A Perfect Day

On the heels of an exceptionally cold and rainy April, the sun had returned in full force by May 14 to illuminate Penn’s 251st Commencement exercises. President Amy Gutmann had played the role of hopeful meteorologist the day before, promising “picture-perfect weather” in her remarks at Sunday’s Baccalaureate ceremony, and her vow was honored by clear skies and radiant light.

Over 6,000 graduates strode down Locust Walk and across Franklin Field, their black gowns fluttering with each movement. They posed for pictures and waved to parents and supportive onlookers, who filled the stands in numbers that might have sparked envy among the football squad’s 29 departing seniors. A few young women stumbled while navigating the artificial turf in high heels; others wearing flip-flops bounced cheerfully, clasping hands as they made their way to their seats. Some dental-school grads carried an oversized toothbrush as if it were a class flag. Meanwhile, in the stands, balloons were released periodically during the ceremony to float on the breeze.

Weather was on Gutmann’s mind in more ways than one. Her remarks, besides those in praise of “the great, beautiful class of 2007,” focused on the necessity of finding solutions for urgent environmental concerns.

“Future generations will face an increasingly grim tomorrow unless we get smarter today about treating our environment with greater care,” Gutmann said. “We do not have to rewire human nature in order to help our planet heal itself before it is too late.”

Gutmann summarized several specific ways that Penn is helping to ensure a brighter future, from purchasing nearly a third of its energy from wind-generated power (“making Penn one of the largest private purchasers of wind power in the nation”) to the planned development of the former postal lands bordering the Schuylkill River. “We will transform ugly parking lots to our east into beautiful fields of green,” Gutmann said. “We will reuse stone and paving materials while choosing native plants for landscaping and storm-water management.”

She then turned her focus to Penn’s people, highlighting the assembled graduates’ contributions to environmental solvency: “Let’s hear it for Penn’s Engineers Without Borders, who have brought clean drinking water to a village in Honduras [“Gazetteer,” July|Aug 2006]. Let’s hear it for the Wharton trailblazers who are working to promote sustainable agricultural and economic development throughout the developing world. Let’s hear it for the trailblazers from Penn Nursing and Medicine who have brought expert care and comfort to the poor and elderly of Philadelphia, and hope to the AIDS population of Botswana [“Prognosis Botswana,” Mar|Apr 2007]. And how about all of our Penn students who have spent spring, summer, and winter breaks helping the survivors of Hurricane Katrina rebuild their lives?”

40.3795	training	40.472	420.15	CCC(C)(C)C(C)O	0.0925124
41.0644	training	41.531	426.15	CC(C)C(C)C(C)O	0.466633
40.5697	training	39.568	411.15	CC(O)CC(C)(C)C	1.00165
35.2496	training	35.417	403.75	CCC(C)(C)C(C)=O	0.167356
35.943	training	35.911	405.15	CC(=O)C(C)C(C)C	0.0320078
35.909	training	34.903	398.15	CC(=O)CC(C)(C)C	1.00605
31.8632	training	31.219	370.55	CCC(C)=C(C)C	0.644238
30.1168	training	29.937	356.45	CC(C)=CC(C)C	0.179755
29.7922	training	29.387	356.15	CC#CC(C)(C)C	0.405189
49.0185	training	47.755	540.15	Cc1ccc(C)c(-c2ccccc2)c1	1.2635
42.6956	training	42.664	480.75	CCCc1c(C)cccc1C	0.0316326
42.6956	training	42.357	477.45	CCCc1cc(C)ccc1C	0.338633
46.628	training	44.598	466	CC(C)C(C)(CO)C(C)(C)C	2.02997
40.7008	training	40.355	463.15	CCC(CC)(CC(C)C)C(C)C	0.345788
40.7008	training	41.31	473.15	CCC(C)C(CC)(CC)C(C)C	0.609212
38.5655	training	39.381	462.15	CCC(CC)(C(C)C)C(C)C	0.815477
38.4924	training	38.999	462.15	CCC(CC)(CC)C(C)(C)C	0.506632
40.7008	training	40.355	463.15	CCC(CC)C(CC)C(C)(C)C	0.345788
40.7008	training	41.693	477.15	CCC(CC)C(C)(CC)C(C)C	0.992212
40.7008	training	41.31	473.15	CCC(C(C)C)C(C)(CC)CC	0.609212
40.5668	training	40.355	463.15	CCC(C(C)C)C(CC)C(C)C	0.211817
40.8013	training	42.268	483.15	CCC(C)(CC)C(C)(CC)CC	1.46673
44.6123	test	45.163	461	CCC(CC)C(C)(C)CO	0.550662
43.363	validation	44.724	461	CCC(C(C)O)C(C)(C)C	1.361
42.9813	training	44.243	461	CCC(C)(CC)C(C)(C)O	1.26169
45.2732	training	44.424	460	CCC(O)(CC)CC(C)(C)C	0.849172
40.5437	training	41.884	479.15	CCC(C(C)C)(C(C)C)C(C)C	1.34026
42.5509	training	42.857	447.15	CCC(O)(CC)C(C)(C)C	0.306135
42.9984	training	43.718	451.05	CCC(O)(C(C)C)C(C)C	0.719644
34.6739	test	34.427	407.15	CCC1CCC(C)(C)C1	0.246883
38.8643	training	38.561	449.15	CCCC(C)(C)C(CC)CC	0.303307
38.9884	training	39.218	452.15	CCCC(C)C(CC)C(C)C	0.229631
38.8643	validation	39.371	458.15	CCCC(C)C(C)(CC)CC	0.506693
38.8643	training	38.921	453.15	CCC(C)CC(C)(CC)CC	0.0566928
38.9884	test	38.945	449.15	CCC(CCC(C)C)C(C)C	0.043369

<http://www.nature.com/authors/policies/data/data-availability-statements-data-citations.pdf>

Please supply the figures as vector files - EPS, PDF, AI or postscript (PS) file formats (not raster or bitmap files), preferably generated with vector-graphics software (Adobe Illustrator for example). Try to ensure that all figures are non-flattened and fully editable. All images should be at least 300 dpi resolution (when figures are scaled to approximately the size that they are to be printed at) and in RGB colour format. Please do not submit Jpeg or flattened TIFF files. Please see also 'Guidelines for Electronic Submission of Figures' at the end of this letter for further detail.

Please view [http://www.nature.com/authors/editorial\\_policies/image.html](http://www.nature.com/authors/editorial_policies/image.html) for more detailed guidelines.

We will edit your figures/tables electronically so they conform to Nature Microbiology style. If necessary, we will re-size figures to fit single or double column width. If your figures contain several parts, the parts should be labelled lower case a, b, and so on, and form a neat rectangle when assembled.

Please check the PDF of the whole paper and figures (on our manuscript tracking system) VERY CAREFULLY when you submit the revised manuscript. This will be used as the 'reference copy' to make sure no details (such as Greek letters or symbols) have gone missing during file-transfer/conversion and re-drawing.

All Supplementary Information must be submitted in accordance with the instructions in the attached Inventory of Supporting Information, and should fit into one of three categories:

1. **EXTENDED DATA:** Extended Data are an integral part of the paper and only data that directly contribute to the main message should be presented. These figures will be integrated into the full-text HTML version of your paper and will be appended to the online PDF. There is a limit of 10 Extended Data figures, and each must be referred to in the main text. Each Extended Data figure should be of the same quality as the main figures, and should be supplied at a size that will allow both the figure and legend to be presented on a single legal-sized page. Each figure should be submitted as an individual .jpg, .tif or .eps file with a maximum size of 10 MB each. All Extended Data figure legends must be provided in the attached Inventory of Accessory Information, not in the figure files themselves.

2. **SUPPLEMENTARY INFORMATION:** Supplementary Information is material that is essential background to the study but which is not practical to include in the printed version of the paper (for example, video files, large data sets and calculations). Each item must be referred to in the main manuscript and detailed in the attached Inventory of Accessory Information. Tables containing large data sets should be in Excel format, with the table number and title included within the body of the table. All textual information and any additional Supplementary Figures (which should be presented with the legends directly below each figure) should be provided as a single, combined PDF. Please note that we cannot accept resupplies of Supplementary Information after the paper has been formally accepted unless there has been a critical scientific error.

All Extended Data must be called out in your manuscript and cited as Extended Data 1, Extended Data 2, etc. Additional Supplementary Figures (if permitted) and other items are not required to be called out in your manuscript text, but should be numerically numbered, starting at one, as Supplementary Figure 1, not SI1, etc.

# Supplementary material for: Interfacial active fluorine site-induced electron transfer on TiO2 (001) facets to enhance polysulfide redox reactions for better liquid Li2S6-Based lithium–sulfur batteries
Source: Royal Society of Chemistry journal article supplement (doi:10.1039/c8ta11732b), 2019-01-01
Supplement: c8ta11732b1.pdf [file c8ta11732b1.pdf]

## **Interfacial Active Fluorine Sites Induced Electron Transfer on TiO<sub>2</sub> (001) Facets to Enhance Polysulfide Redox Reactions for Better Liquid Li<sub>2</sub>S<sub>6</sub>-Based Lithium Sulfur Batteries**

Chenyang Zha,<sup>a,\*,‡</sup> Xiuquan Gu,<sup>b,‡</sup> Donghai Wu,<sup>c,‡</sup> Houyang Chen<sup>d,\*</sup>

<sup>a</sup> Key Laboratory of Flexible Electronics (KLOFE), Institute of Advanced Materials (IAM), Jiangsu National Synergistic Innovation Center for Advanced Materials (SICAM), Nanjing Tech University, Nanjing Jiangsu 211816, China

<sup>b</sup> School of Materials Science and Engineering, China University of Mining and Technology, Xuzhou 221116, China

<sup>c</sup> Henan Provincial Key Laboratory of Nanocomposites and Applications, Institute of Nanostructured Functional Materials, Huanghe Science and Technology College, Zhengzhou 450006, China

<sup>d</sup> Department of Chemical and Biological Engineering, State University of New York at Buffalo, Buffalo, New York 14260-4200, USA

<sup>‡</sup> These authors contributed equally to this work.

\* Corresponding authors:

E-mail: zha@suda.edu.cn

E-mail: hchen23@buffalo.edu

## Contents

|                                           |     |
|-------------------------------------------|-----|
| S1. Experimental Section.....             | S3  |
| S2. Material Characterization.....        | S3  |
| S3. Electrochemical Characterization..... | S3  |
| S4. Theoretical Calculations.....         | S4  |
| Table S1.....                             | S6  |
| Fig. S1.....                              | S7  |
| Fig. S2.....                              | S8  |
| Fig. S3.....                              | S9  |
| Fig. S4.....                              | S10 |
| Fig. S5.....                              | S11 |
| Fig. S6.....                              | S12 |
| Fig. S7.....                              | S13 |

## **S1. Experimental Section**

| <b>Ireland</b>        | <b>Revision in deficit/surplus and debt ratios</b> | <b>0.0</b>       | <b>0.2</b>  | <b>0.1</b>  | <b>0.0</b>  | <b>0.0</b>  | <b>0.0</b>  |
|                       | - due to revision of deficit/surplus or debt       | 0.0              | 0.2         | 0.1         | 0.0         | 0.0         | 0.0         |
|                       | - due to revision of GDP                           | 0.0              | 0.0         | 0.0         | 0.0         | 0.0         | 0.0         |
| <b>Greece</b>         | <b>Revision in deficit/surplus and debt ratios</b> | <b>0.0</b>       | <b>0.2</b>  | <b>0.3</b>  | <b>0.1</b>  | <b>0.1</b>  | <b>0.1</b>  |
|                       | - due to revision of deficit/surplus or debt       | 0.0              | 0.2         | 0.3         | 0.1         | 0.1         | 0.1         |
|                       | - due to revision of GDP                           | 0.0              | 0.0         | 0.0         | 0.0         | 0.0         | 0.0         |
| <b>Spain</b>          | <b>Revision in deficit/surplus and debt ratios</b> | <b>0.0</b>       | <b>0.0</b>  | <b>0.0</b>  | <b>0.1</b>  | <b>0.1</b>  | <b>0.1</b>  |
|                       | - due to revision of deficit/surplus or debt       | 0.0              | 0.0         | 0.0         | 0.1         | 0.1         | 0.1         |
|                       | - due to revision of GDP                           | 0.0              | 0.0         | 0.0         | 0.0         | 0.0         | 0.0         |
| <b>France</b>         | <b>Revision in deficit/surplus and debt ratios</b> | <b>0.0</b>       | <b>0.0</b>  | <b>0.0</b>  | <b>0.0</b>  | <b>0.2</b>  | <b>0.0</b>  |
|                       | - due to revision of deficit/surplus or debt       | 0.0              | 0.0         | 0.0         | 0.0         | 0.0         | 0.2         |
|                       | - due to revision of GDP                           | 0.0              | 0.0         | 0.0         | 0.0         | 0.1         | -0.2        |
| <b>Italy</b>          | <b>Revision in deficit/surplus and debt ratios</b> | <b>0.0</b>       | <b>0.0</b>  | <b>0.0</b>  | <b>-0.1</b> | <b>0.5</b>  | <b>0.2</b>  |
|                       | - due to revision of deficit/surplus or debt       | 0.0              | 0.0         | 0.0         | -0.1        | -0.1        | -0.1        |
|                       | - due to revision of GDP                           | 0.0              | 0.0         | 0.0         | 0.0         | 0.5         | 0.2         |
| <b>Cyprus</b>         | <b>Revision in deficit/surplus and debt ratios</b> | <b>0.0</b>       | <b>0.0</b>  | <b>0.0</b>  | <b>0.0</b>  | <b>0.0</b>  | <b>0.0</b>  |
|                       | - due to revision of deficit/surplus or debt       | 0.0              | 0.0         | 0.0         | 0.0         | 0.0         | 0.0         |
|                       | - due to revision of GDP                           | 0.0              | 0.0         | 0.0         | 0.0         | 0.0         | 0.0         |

After the conferral of honorary degrees, James Baker took the stage. Baker, who headed the State Department under President George H.W. Bush and served as secretary of the treasury and chief of staff under President Ronald Reagan, was a somewhat controversial selection as the Commencement speaker, due to his stance on U.S.-Israel relations and his role in the Florida recount during the 2000 presidential election. He worked early to appease a crowd anxious to bestow hugs and congratulations on their loved ones.

“I intend to follow advice from Ben Franklin,” he began, “who understood the importance of brevity when he said: ‘He that speaks much, is much mistaken.’” Baker also paid tribute to a nearly universal cornerstone of collegiate life by invoking another Franklin quote: “Beer is living proof that God loves us and wants us to be happy.”

He then got serious, urging the grads to remain mentally and socially active. “Each of you should conscientiously challenge yourself and the world around you,” he said, “because your generation must address complex problems including, but not limited to, international terrorism, the proliferation of weapons of mass destruction, and global warming.”

Baker also stressed the importance of leadership, defining it as “knowing what to do, and then doing it when it is not the popular thing to do, or when no one else may even know you are doing it. And leadership can be telling truth to power.”

He elaborated with three examples: Winston Churchill’s warning against appeasing Adolf Hitler’s lust for power; Reagan’s stance against the Soviet Union and Communism; and George H. W. Bush’s rejection of triumphalism following the collapse of the Iron Curtain.

“Figuratively speaking, [Bush] refused to dance on the Berlin Wall,” Baker said, referring to critics who viewed the event as a chance for the United States to revel in gratuitous celebration over the defeated Communists. Bush instead seized the opportunity to build diplomatic relations and invite the reunified Germany into NATO. Because he knew what was right, and knew how to do it in the face of criticism, Baker argued, the first President Bush exhibited the steadfastness and foresight necessary to make a good leader.

Baker closed by urging the 2007 graduates: “Go forth. Be leaders. Make a personal history that your children, your grandchildren, and your great-grandchildren will remember with honor 100 years from now. Make a history of hard work and care for your families. Make a history of good citizenship, and, when circumstances require it, great citizenship. Represent the best of American leadership. And in every way you can, leave this world a better place than
you found it.”

—Carter Johns C’07


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